The Atlas 5 rocket launched from Cape Canaveral Air Force Station in Florida Tuesday night.  Photo: NASA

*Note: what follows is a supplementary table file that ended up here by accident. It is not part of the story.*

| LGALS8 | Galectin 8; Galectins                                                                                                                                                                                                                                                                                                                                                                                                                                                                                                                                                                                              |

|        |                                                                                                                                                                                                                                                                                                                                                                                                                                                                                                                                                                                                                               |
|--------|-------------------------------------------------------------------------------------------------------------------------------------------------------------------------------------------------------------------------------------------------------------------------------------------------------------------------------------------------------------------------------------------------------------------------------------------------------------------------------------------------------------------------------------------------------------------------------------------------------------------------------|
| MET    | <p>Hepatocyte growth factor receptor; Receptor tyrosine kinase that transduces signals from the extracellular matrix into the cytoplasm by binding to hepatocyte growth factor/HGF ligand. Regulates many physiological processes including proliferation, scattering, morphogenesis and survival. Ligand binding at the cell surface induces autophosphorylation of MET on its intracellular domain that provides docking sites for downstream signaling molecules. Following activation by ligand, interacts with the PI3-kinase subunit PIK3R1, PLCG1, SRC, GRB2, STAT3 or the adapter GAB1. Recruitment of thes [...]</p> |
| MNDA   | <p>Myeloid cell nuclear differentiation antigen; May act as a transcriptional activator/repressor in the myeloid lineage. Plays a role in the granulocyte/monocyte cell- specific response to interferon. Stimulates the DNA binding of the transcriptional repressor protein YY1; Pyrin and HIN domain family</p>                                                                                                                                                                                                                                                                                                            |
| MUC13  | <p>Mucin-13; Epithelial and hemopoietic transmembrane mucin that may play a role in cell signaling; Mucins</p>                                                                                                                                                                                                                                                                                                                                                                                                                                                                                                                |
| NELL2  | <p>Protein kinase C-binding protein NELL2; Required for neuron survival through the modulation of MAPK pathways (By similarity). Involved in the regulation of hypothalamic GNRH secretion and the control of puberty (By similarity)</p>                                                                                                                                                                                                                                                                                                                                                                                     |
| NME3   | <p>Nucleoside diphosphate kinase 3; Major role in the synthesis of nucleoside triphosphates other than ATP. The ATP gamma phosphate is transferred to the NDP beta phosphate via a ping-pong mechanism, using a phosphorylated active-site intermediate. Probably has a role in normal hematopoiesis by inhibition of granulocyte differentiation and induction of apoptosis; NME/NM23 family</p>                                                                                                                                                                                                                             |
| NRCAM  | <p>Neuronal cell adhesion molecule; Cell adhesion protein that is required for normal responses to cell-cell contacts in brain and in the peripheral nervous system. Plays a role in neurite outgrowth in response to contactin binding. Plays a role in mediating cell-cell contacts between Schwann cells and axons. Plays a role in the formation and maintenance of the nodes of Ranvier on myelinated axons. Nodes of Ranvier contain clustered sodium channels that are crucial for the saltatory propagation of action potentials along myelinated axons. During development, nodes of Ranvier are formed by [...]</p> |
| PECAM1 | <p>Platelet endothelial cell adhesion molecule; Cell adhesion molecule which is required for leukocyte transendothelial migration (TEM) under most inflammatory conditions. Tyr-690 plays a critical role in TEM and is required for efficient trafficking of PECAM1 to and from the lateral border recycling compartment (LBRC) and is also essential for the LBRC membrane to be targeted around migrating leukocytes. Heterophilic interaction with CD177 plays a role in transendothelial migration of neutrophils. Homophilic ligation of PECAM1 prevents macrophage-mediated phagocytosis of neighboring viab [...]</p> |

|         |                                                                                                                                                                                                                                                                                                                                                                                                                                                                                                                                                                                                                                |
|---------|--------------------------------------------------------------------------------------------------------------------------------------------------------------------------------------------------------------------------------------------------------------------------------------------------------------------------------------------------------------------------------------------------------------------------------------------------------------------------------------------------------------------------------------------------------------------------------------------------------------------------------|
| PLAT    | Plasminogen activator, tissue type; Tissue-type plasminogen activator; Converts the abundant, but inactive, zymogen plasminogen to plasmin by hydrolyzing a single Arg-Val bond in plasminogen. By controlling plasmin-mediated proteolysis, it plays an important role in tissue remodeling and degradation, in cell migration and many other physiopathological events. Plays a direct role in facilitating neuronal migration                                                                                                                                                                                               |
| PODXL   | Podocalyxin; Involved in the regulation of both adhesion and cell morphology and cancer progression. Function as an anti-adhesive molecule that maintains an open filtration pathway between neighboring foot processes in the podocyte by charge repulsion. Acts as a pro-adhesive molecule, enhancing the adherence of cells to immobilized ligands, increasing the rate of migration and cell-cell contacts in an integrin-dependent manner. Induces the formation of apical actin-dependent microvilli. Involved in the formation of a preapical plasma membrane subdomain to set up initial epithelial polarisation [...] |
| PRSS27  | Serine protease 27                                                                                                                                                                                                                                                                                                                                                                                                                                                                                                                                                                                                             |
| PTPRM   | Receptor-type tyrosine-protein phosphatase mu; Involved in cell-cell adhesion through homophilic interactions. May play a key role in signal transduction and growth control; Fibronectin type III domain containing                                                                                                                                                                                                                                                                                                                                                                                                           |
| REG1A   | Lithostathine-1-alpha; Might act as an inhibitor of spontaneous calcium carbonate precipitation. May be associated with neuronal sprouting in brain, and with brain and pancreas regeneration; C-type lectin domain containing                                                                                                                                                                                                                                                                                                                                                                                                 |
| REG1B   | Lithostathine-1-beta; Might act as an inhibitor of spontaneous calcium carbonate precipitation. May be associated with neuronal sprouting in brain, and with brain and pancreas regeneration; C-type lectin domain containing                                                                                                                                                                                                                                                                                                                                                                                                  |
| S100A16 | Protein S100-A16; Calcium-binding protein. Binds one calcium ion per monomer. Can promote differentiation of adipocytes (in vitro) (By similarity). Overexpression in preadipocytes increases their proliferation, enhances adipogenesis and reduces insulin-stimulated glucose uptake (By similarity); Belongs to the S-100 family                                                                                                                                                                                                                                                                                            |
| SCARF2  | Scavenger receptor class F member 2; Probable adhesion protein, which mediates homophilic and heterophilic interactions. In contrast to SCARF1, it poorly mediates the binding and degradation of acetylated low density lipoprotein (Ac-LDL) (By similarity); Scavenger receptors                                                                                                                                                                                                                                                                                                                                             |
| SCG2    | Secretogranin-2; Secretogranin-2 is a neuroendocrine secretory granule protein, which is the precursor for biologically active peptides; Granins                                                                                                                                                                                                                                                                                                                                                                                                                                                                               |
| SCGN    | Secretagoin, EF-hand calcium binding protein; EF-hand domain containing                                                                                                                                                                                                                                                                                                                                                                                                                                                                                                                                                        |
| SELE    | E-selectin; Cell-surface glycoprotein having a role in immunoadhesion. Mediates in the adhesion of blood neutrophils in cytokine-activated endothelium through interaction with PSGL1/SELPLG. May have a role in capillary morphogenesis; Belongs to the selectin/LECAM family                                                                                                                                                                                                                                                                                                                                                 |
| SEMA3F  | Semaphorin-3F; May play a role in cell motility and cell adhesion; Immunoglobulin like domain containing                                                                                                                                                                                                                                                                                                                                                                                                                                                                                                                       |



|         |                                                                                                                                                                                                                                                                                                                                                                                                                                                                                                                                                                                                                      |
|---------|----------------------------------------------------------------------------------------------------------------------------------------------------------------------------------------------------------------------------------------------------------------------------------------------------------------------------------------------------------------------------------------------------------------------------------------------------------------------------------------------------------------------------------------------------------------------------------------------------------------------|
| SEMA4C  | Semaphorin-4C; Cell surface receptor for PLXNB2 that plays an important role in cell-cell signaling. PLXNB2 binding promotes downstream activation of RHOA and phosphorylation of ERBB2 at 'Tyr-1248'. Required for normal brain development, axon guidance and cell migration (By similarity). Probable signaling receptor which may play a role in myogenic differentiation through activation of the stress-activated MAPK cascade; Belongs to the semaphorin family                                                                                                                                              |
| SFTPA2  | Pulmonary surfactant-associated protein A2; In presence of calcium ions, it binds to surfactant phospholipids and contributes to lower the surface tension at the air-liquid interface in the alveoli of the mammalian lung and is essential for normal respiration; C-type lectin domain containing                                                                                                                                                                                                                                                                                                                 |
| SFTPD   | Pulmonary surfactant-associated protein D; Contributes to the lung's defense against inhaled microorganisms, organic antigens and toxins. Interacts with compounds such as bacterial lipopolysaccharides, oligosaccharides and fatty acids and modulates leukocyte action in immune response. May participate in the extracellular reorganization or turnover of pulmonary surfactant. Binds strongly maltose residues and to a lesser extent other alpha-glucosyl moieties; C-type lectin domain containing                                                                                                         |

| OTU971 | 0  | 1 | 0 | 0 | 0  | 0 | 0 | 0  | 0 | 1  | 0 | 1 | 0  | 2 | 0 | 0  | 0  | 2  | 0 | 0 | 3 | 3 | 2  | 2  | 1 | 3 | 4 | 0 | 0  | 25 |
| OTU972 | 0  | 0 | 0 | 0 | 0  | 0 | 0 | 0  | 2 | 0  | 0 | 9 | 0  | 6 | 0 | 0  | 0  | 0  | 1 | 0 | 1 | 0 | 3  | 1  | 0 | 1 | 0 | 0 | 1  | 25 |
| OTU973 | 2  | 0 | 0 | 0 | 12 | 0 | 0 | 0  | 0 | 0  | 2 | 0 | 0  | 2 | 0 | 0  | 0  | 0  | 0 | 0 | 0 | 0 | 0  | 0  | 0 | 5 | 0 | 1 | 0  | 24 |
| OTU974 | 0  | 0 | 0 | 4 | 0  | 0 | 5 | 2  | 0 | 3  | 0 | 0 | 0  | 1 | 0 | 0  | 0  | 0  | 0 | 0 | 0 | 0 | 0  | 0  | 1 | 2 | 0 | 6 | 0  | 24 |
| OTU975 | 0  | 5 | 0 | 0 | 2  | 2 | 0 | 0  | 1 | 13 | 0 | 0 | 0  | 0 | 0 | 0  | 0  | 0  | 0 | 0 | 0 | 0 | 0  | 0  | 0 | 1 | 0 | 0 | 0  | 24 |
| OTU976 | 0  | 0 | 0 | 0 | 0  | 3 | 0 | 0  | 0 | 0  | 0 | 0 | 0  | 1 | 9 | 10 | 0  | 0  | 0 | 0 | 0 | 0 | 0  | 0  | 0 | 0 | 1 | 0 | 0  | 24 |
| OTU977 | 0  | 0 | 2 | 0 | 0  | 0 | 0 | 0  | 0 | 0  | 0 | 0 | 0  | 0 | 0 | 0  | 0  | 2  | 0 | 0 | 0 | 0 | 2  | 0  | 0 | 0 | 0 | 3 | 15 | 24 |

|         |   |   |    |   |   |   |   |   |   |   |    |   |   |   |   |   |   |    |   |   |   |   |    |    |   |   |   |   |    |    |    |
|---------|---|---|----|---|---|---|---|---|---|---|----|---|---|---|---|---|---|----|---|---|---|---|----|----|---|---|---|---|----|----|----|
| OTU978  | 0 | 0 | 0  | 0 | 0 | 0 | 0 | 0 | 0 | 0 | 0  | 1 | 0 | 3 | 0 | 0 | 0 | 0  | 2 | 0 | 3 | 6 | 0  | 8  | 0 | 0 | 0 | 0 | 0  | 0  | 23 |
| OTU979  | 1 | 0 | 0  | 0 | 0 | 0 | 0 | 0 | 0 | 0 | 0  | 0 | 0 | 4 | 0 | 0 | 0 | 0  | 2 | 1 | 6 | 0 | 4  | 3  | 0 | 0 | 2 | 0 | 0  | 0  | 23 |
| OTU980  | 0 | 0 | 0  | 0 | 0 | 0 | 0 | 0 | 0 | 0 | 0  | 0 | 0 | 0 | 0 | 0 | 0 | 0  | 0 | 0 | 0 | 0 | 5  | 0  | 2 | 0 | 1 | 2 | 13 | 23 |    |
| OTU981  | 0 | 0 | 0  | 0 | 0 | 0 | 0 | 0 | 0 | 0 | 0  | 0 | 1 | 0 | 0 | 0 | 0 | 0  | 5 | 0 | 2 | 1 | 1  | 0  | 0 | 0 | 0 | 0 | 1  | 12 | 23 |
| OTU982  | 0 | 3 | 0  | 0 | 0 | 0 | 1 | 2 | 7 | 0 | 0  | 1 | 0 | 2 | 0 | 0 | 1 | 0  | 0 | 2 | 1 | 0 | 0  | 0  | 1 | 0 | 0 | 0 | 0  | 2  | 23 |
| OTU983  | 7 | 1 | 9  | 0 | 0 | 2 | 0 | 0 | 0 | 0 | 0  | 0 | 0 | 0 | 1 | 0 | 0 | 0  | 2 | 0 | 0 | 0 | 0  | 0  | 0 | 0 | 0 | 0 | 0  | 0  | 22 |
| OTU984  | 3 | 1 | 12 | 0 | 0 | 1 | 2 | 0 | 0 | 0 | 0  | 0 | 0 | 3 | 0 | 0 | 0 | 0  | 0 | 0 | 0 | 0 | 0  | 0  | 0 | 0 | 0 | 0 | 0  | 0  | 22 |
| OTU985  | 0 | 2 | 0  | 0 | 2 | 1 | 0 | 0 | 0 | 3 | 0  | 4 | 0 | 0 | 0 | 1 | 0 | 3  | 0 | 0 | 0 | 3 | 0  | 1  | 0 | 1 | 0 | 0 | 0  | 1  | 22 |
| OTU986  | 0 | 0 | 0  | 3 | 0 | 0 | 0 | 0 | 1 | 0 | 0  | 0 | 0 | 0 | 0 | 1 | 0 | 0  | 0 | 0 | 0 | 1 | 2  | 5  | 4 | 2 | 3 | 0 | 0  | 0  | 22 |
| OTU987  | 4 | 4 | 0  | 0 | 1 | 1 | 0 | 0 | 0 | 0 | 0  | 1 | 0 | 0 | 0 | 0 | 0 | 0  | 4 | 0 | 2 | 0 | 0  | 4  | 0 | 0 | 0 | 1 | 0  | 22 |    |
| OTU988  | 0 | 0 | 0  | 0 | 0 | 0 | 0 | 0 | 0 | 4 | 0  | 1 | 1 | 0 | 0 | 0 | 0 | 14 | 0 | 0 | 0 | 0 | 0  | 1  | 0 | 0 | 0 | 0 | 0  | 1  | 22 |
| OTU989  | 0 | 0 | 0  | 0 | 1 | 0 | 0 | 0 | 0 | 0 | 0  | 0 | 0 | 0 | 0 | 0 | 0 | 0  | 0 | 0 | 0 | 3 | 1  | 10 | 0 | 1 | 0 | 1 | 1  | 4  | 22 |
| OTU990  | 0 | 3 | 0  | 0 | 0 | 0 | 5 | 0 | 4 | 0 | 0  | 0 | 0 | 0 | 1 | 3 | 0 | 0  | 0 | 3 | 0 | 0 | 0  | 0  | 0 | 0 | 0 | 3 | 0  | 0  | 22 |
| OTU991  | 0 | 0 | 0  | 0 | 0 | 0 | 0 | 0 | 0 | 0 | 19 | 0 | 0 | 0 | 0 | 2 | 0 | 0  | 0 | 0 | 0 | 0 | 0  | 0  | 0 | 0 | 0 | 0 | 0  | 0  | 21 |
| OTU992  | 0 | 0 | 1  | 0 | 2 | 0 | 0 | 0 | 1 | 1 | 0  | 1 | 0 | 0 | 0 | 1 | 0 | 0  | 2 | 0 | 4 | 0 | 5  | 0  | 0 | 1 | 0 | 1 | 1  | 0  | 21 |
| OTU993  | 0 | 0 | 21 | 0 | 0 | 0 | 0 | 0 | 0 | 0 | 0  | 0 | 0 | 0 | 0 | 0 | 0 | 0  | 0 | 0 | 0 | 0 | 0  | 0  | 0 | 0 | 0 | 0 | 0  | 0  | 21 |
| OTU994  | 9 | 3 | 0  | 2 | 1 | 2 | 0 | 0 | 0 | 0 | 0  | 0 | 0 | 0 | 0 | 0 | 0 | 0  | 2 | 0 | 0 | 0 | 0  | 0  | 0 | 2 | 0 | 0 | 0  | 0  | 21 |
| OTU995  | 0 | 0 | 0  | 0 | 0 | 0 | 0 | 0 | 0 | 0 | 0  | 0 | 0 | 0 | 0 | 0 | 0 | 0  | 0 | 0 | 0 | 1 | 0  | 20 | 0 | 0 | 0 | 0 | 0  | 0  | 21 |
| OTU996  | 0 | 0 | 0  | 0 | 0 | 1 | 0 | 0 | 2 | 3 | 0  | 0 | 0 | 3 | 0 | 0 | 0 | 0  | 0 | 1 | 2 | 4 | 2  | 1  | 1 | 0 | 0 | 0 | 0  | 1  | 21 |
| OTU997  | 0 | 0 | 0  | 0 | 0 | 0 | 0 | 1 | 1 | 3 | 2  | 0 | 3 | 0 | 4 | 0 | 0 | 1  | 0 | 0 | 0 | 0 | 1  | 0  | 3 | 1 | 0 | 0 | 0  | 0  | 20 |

The trio of Australian cubesats is part of the international QB50 mission, consisting of 36 small satellites known as ‘cubesats’. Each instrument weighs about 1.3 kg each and is about the size of a shoebox. The combined effort will carry out the most extensive measurements ever undertaken of the little-understood thermosphere, a region between 200-380 km above Earth. This usually inaccessible zone helps shield Earth from cosmic rays and solar radiation, and is vital for communications and weather formation. Twenty-eight of the QB50 satellites, including the three Australian cubesats, were aboard the Atlas 5 rocket when it launched from Cape Canaveral Air Force Station in Florida overnight. The three Australian cubesats are UNSW-EC0, built by UNSW’s Australian Centre for Space Engineering Research (ACSER); INSPIRE-2, by the University of Sydney, UNSW and the Australian National University; and SuSAT, by the University of Adelaide and the University of South Australia. Read more here. This story first appeared in Spatial Source.  [post_title] => Launched: first Australian satellites in 15 years [post_excerpt] => Oz is back in the space race. [post_status] => publish [comment_status] => open [ping_status] => open [post_password] => [post_name] => satellite [to_ping] => [pinged] => [post_modified] => 2017-04-21 13:41:21 [post_modified_gmt] => 2017-04-21 03:41:21 [post_content_filtered] => [post_parent] => 0 [guid] => [menu_order] => 0 [post_type] => post [post_mime_type] => [comment_count] => 0 [filter] => raw ) [2] => WP_Post Object ( [ID] => 26953 [post_author] => 659 [post_date] => 2017-04-21 10:32:59 [post_date_gmt] => 2017-04-21 00:32:59 [post_content] =>   A scene from the new smartphone app Magical Park.   Local councils in Australia and New Zealand and an NZ games developer have hit upon a brilliant way to use mobile phones to draw children to play in urban parks again. A new free smartphone app has unleashed the augmented reality game Magical Park, targeted at kids aged six to 11, which encourages children and their families to explore a magical fantasy world in their local park. In the game children can interact with fairies, dragons, kittens, dinosaurs and aliens and complete missions, like finding dinosaur eggs, using their phone or tablet camera. The game is positioned in a selected large, flat park space in the shape of a virtual circle, which holds the game content kids can play. The idea was born during last month’s Parks Week celebrations, where 47 Australian councils and 19 NZ councils put their heads together to find a way to kick kids off the sofa and into the great outdoors, interacting with their families at the same time. The project is a partnership between The Parks and Leisure Australia, the New Zealand Recreation Association and Kiwi game developer Geo AR Games. Magical Park attracted over 24,000 park visitors during Parks Week, with an average of 1069 number of game sessions played per day and participants running an average of 1.45km per game. Families across Australia and New Zealand spent more than 1,200 hours playing Magical Park together. Councils pay a subscription fee for the app, which is geo-located to a specific park. The app will only open in a designated park area. The families find out about the app via the council or through signs put up in the park by their council. The hotspots for gaming activity were Heywood Park in Unley, Perth; the Wilson Botanic Garden in the City of Casey, Melbourne and Westward Park in Clarence Valley Council in NSW. Teresa Turner, New Plymouth District Council’s Recreation and Culture Manager, praised the app. “I think what really appealed was that families could do this together – parents and kids both could hunt for dinosaurs and fairies and swap stories about their experiences after.” GEO AR Games CEO Melanie Langlotz said: “Augmented reality is a powerful tool to get kids engaged and we have had a lot of queries from schools, who would like us to develop educational content. “We have another product on our road map, which will eventually allow kids to upload their own 3D models and build their own worlds and games to share with their friends in their local park.” Brian Eales, Principal from the Clive Primary School in New Zealand voted the trial a success. “Magical Park opens up a whole new dimension for children linking the engaging world of devices and the great outdoors. “It allows for the creative use of devices and mathematical concepts while maintaining physical activity. It can strengthen the tuakana teina relationship when older students work with young students.”     Sue Wilson, Assistant Principal from the Pomaria Primary School in Henderson, Auckland agreed it had had a positive effect on children’s learning, increasing in both writing and oral language skills. While some councils are looking at bringing Magical Park back for the school holidays, permanent Magical Parks are set up in Heywood Park in the City of Unley and Rhodes Park in Kwinana. Magical Park is the second augmented reality app from Geo AR Games. The company also developed Sharks in the Park, which brought an underwater world to kids in parks across New Zealand in 2016. For more information visit Want the latest public sector news delivered straight to your inbox? Click here to sign up the Government News newsletter.         [post_title] => Move over Pokemon, new app draws kids to urban parks [post_excerpt] => Local councils use Magical Park. [post_status] => publish [comment_status] => open [ping_status] => open [post_password] => [post_name] => 26953 [to_ping] => [pinged] => [post_modified] => 2017-04-21 11:51:05 [post_modified_gmt] => 2017-04-21 01:51:05 [post_content_filtered] => [post_parent] => 0 [guid] => [menu_order] => 0 [post_type] => post [post_mime_type] => [comment_count] => 0 [filter] => raw ) [3] => WP_Post Object ( [ID] => 26947 [post_author] => 659 [post_date] => 2017-04-20 04:00:25 [post_date_gmt] => 2017-04-19 18:00:25 [post_content] => [caption id="attachment_26950" align="alignnone" width="350"] Is the party over for Airbnb in NSW before it even began? NSW government says slow down. [/caption]     After three public hearings, 212 submissions and a parliamentary report the NSW government has announced it is not yet ready to make a decision about how to regulate short-term holiday letting through online booking services like Airbnb and Stayz. Instead, the NSW government will conduct a ‘broad consultation’ with the public and the short-term accommodation industry, including bed and breakfasts and hotels, before publishing an options paper next month. The options paper, which the Departments of Planning and Environment and Fair Trading will also contribute to, will explore land use and planning issues and strata management concerns, including the impact on the lives and safety of existing residents. This morning’s announcement (Thursday) was in response to an October 2016 report by the NSW Parliamentary Legislative Assembly Committee on Environment on the best way to regulate the explosion of short-term accommodation letting and the continued rise of Airbnb in the state. The report recommended the government make it easier for homeowners to rent out a whole or part of their house and for it to adopt a light regulatory touch. This approach included relaxing state planning laws so that local councils could class short-term letting as exempt development, providing it did not have excessive impact on other residents. But the government offered only ‘qualified support’ to the committee’s recommendations, stating they needed further consideration and more public consultation. It has been slow going. After submissions closed in November 2015 there were three public hearings between March and May 2016 followed by the final report on October 19, 2016 and the government’s response six months later. NSW Planning Minister Anthony Roberts said it was too complicated and divisive an issue to rush. “It’s no surprise that NSW and Sydney are highly sought after destinations for international and domestic visitors, however, we must find a balance between providing options for accommodation and residents being able to go about their daily lives. This will support the best environment for residents and visitors so that it is a great destination,” Mr Roberts said.  “The inquiry recommendations make sense, but the regulation of short-term letting needs broader engagement with the industry and the community to establish a model that enables it to continue to flourish and innovate whilst ensuring the amenity and safety of users and the wider community are protected.   “It's sensible to take time on a complex issue like this, which is why we are releasing an options paper next month.” The government supported the report’s recommendations around communicating with councils and residents any changes and that councils take the lead on informing landowners about their rights and duties. Also supported was giving owners’ corporations more powers to respond to any negative consequences of short-term lets in their buildings, through amending strata regulations. NSW Better Regulation Minister Matt Kean said the government would concentrate on finding common ground to address the concerns of everyone involved. “We need to find what will work best for the people of NSW, which is why we’re issuing an options paper for discussion with relevant stakeholders,” Mr Kean said.  “We don’t want a holiday accommodation market that’s so over-regulated it puts people off coming here but the rights of residents who live near these properties must be considered too.    “While short-term holiday letting, if properly managed and respected by all parties, can be a boost to the local economy, the need to protect people’s rights to the quiet enjoyment of their own homes is equally important.”     Meanwhile, Airbnb Australia Country Manager Sam McDonagh called the government's response a 'strong, positive step towards ensuring fair and progressive rules and regulation for residents and visitors to NSW'. “We appreciate that these things take time and that it’s important to get the balance right," Mr McDonagh said. "We’re confident that Premier Berejiklian and the NSW government will join the state governments in Tasmania and South Australia, in embracing home sharing, and introduce fair regulations that allow more people in NSW to share their extra space.”   Want the latest public sector news delivered straight to your inbox? Click here to sign up the Government News newsletter.         [post_title] => NSW government delays Airbnb decision [post_excerpt] => Options paper by next month. [post_status] => publish [comment_status] => open [ping_status] => open [post_password] => [post_name] => nsw-government-delays-airbnb-decision [to_ping] => [pinged] => [post_modified] => 2017-04-21 11:16:15 [post_modified_gmt] => 2017-04-21 01:16:15 [post_content_filtered] => [post_parent] => 0 [guid] => [menu_order] => 0 [post_type] => post [post_mime_type] => [comment_count] => 0 [filter] => raw ) [4] => WP_Post Object ( [ID] => 26935 [post_author] => 658 [post_date] => 2017-04-19 10:59:32 [post_date_gmt] => 2017-04-19 00:59:32 [post_content] =>